In the end, they did indeed prove that advanced communications tools, along with very strong grievances, were enough to pull off a massive strike that actually sustained itself for several days. But that structure was built on a weak foundation that ultimately led to dissolution. The general lesson for organizers should be that social media provides excellent tools for dialogue and communications, but cannot replace the hard organizing work and democratic decision-making infrastructure necessary for a lasting social movement.
It is also significant that teachers are particularly well-placed to engage in strikes. Although they cannot disrupt the economy directly the way industrial workers can, they are still able to upend daily life. Students need to go to school, where low-income kids are fed one or two meals a day, and parents need to go to their full-time jobs. To use the leverage of disruption effectively, teachers have realized that they must stay on the side of their students and their communities.
Everywhere teachers strike, they clearly articulate the objective of helping students achieve their educational goals. They also work assiduously to deliver food to students and organize temporary daycare centers in order to minimize the disruption to low-income families. In all three states, there was overwhelming support from the community, which understood all too well the deteriorating state of their schools and implicitly trusted the teachers from day one.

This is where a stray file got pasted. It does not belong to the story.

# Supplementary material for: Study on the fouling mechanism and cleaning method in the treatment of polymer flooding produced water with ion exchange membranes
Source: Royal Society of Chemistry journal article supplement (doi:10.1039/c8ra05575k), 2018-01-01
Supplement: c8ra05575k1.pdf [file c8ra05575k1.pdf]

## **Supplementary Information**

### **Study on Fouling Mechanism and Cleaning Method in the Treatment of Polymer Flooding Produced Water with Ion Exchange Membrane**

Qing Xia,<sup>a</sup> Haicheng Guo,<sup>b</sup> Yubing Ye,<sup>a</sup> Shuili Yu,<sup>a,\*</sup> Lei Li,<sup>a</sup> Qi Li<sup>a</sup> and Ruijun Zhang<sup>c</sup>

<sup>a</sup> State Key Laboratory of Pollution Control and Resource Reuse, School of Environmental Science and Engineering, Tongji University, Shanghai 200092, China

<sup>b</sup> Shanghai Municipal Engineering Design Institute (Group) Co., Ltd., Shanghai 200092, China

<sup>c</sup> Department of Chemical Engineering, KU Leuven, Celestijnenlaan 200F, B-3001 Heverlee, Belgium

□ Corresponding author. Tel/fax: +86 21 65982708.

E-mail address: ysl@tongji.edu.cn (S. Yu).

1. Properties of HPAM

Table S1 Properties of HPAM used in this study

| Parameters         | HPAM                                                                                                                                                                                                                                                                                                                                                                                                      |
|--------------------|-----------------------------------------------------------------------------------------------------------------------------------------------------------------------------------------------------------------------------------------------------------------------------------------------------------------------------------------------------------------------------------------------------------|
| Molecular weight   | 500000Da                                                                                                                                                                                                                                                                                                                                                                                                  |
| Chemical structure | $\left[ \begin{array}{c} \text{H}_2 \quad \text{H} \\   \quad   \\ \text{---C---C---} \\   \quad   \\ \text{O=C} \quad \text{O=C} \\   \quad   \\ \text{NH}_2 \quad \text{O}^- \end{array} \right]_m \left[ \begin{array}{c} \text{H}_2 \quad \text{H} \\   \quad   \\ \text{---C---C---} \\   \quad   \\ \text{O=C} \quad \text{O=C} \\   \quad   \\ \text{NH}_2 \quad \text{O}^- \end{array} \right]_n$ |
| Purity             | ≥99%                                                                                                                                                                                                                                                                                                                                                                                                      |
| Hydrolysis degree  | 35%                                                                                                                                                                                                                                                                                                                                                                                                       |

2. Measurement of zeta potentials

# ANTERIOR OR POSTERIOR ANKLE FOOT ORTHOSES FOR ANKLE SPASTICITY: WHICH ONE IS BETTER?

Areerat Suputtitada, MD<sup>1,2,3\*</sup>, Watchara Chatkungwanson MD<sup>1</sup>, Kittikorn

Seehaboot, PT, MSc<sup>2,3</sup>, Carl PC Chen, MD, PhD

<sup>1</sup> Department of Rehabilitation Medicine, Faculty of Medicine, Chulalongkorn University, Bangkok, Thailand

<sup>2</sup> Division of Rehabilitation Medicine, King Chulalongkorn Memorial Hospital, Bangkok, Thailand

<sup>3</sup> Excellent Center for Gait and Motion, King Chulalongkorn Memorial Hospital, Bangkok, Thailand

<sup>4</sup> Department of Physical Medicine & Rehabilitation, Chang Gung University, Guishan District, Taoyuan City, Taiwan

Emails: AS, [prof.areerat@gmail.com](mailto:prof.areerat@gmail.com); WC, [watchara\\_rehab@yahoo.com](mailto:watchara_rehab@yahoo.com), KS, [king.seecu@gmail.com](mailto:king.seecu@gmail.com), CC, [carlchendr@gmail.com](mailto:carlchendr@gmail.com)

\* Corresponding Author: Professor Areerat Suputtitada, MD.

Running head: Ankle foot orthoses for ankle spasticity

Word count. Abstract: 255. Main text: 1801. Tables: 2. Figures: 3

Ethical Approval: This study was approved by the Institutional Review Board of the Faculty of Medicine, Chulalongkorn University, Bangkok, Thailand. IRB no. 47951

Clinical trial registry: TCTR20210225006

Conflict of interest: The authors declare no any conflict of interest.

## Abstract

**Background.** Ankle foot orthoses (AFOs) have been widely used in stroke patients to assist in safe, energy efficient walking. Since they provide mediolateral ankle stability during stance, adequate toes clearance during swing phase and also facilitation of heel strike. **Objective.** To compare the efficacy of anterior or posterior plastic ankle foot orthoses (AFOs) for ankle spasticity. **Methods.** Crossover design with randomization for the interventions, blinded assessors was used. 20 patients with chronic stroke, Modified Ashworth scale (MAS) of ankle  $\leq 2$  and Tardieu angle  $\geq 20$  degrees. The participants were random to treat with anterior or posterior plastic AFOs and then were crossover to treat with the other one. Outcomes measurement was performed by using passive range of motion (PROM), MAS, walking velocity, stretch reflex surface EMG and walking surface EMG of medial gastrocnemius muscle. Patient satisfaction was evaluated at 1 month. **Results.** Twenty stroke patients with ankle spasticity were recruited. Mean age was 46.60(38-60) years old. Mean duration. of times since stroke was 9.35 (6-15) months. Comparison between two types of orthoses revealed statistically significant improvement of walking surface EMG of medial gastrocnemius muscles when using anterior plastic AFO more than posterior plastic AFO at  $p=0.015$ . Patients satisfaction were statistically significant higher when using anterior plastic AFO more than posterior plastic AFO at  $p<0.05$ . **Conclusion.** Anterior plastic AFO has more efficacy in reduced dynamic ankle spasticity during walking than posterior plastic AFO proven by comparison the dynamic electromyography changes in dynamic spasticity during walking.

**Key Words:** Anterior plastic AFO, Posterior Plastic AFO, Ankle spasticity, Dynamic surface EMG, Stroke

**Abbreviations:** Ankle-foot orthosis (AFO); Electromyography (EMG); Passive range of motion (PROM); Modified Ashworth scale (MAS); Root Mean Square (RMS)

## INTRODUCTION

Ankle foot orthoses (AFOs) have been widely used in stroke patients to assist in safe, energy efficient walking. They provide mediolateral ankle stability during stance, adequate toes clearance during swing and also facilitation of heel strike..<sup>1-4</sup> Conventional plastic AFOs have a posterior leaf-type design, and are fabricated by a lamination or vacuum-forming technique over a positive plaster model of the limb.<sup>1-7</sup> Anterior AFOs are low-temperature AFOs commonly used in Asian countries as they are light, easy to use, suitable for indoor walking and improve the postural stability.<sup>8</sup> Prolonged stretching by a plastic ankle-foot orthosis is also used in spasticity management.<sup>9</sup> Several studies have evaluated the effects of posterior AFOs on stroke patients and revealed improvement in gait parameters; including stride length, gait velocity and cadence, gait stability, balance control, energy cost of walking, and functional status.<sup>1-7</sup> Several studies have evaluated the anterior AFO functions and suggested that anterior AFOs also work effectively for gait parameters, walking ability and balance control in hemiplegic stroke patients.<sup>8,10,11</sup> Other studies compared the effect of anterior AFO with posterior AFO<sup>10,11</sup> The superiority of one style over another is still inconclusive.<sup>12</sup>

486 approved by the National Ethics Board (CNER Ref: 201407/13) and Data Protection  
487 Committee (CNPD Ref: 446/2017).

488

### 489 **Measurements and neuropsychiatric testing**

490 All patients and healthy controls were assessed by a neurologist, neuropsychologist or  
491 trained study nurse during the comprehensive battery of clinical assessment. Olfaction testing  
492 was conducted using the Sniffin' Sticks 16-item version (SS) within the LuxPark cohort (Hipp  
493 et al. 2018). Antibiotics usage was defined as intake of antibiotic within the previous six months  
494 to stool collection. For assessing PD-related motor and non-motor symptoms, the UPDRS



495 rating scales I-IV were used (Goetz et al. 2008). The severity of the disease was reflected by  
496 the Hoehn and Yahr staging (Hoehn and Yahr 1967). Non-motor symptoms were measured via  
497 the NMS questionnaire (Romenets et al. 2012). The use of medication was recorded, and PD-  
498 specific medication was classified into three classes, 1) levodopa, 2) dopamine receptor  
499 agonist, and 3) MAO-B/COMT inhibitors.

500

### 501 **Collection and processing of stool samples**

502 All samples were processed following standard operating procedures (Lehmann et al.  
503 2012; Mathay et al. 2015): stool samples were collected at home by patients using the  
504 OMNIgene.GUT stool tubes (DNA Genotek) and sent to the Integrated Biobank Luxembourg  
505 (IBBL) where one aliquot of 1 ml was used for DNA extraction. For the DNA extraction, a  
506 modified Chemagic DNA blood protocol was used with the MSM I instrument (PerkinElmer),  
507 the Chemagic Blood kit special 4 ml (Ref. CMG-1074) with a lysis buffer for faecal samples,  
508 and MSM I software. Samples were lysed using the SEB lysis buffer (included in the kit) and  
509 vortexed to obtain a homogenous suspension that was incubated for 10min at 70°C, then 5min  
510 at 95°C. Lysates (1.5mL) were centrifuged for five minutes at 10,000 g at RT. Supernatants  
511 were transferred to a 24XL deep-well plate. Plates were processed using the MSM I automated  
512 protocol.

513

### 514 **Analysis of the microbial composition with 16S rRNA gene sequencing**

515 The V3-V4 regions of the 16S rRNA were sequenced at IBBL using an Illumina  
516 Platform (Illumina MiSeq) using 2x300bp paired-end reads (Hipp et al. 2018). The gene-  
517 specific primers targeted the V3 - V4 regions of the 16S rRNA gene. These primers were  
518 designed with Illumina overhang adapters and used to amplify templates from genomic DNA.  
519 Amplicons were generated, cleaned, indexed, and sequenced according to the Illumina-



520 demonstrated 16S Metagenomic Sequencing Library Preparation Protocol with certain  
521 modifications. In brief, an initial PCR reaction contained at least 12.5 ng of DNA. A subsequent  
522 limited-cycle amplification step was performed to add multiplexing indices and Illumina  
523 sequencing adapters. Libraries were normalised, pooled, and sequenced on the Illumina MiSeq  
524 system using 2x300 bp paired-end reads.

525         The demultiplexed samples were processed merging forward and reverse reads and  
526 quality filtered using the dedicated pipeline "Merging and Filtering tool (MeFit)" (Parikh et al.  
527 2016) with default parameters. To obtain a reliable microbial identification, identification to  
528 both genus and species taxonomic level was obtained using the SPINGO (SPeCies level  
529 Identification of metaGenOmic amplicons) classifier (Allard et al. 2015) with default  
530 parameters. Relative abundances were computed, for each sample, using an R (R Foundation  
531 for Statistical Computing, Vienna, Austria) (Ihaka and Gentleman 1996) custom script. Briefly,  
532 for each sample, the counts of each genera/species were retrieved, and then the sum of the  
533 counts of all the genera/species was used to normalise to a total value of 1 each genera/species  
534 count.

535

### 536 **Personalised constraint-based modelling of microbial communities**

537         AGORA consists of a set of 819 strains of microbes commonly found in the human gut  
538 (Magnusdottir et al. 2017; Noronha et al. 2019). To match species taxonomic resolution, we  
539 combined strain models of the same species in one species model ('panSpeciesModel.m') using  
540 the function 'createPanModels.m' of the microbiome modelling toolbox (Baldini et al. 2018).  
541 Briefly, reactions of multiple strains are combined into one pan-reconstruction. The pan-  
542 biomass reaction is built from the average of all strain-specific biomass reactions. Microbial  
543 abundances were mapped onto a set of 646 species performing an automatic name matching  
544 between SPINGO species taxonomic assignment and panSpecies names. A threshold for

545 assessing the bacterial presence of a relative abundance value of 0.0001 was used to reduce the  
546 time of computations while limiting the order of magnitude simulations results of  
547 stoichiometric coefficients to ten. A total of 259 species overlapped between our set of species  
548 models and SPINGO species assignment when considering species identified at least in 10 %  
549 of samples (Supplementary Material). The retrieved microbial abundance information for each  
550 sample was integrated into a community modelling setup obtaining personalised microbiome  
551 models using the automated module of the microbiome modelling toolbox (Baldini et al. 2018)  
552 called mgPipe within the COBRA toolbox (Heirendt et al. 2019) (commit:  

This support insulated the teachers from government repression. Although state officials threatened teachers before the strikes, there was little they could do when such overwhelming numbers walked out. Blanc quotes various officials saying they knew that if they were to arrest teachers or coerce them with threats of fines, they would face a huge backlash that would only strengthen the teachers’ political standing and resolve. For their part, the teachers understood early on that if they walked out in large numbers, there was nothing the authorities could do.